Up to date the danger of mines has not been eliminated according to official reports of the engineer officer sat least 10,000 (ten thousand!) mines were deactivated, among them, of course, a great number in the outskirts of the city (railroad station, civilian airport, etc.) and in the tactical forward areas; in individual buildings (also in museums) there were found 3½ tons of explosives in prepared, technically correct mine chambers; captured detonator apparatus leads to the belief that other arrangements of similar nature were built for wireless detonation. With consideration to possible electrical mine detonation, the power supply has not yet been switched on and therefore most staffs and commands are functioning only with candle or poor petroleum lighting. The explosion and the burning of the city caused several losses on officers, men and materials.
The inhabitants of the city remain quiet and disciplined as before; German regulations are enforced to the best ability and without resistance.
I reported over the evacuation measures of the Bolshevists in Kiev in my telephone conversation of the 24-29 September; the picture has not changed noticeably as a whole.
g. I safe-guarded as much of the local art treasures from libraries, academies, institutes and museums with my special detail (2 officers, 2 drivers) as I could. Around 20, partly large, objects could be safe-guarded in this manner and are at the disposal of the Reich.
B. A uniform and supervised administration has not become possible in the Ukraine on the left of the Dnieper River; the streets to the few Dnieper bridges are swarming with prisoners and fugitives the active troop counter-traffic eastward still hasn’t stopped. The Bolshevists were able to trash and carry away undetermined quantities of the harvest, according to the populace. On the other hand, several evacuees, formerly of Soviet authority, managed to stay back in the “Kessel of Kiev” and to save themselves from further deportation; the whole Kiev fire department with its equipment, which was evacuated by the Russians, came back again in a like manner on the day before the fire. In some cases it was possible to salvage several herds of cattle and machinery.
The economical commands concerned and 1st Lt. Dr. Dittloff report through channels about the special economical situation of the occupied Ukrainian provinces.
With the continuation of the peace, the people are again concerned with cultural and religious questions:
a. Where it as technically possible, the lower classes of schools were opened. The initiative (and the cost) lie with the inhabitants themselves. The administrative court will be held responsible for the political attitude of the teachers, the supervision ties with the Germans. The Soviet school texts are destroyed, all communistic emblems removed from the buildings and institutes.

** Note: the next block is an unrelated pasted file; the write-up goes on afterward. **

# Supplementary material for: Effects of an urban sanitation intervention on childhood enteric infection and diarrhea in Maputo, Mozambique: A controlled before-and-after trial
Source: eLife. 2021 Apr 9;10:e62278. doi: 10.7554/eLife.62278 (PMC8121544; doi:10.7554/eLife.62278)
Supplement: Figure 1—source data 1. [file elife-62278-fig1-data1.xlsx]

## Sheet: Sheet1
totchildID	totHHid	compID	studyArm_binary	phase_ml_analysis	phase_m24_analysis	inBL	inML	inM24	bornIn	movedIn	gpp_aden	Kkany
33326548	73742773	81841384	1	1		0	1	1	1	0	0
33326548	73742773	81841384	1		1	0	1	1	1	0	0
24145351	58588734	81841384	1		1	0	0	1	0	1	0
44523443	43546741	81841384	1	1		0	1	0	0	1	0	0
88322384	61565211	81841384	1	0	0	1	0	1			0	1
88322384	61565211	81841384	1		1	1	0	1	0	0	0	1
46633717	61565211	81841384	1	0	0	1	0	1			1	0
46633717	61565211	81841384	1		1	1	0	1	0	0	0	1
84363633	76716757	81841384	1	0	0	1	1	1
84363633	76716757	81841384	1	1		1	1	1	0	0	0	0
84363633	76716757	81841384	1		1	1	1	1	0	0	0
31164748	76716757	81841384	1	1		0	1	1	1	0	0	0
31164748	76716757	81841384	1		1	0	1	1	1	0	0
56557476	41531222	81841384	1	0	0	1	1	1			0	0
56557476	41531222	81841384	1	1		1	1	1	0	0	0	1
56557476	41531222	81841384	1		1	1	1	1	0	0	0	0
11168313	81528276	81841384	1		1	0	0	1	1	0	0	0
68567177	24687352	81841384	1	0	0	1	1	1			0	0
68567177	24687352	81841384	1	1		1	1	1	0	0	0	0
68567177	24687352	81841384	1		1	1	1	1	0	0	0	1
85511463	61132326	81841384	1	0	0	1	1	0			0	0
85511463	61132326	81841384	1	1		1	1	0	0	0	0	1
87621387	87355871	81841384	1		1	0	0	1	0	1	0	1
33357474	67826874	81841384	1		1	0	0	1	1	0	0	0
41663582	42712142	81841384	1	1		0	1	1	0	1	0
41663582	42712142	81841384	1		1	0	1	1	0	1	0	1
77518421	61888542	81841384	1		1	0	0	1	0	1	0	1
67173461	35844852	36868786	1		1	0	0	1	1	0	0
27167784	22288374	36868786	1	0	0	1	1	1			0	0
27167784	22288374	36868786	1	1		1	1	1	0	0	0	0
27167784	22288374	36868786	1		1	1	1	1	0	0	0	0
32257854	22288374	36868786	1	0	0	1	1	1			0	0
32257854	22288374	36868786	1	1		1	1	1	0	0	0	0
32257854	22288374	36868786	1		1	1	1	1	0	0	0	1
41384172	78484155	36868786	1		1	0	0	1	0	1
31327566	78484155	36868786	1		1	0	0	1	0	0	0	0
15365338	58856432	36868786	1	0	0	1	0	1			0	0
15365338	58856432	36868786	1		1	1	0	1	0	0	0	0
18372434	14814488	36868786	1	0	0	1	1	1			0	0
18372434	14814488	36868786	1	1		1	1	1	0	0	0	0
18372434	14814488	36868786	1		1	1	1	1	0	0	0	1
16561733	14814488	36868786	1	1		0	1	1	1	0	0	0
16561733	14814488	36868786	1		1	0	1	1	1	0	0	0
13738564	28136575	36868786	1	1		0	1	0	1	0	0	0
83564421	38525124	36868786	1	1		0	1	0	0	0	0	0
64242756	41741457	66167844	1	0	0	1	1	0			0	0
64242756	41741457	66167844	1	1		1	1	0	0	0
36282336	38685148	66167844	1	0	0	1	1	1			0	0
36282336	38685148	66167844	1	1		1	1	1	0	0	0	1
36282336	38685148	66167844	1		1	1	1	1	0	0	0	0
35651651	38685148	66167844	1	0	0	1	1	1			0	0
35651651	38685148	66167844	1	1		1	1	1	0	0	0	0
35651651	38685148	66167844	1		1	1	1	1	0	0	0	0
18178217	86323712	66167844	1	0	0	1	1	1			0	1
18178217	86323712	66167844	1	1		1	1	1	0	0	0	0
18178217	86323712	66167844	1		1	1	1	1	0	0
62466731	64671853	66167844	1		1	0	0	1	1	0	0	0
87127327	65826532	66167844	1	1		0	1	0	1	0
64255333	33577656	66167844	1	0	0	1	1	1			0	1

Request by Russian (and occasionally Polish) minorities to establish Russian (or Polish) especially private schools will be denied in all cases.
Junior high schools, business schools, or even colleges, will not even be subject to discussion.
b. A permanent press can be assumed to be existing (in a technical sense).
There are Ukrainian newspapers in Kamienec Podolsk, Rowne, Berditschew; Winnica, Shitomir, Uman, Kirowograd, Nowo-Ukrainka, Kriwoirog, Cherson, Nikolajew and Kiev (perhaps in a few other places); the papers are published from once to six times weekly and are mostly, fairly pure newspapers; some (naturally censored) articles deal with the anti-bolshevistics and in the field of German-Ukrainian cooperation (thankfulness for the emancipation similar parallels, etc.). The following ground rules pertain to the technique of foreign propaganda: The term Ukraine can only be used in a territorial ( not pertaining to state) sense; the Reich is not an “ally", but a “protector” of the Ukraine; the German Wehrmacht is not “garrisoned” (or even “occupationally army” as was formulated by several Bandera men) but instead “saviors"; the title “Fuehrer-Emancipator” is to be used when talking of Adolf Hitler, etc.; as far as these directives went, they were looked upon as natural and obeyed without a trace of objection.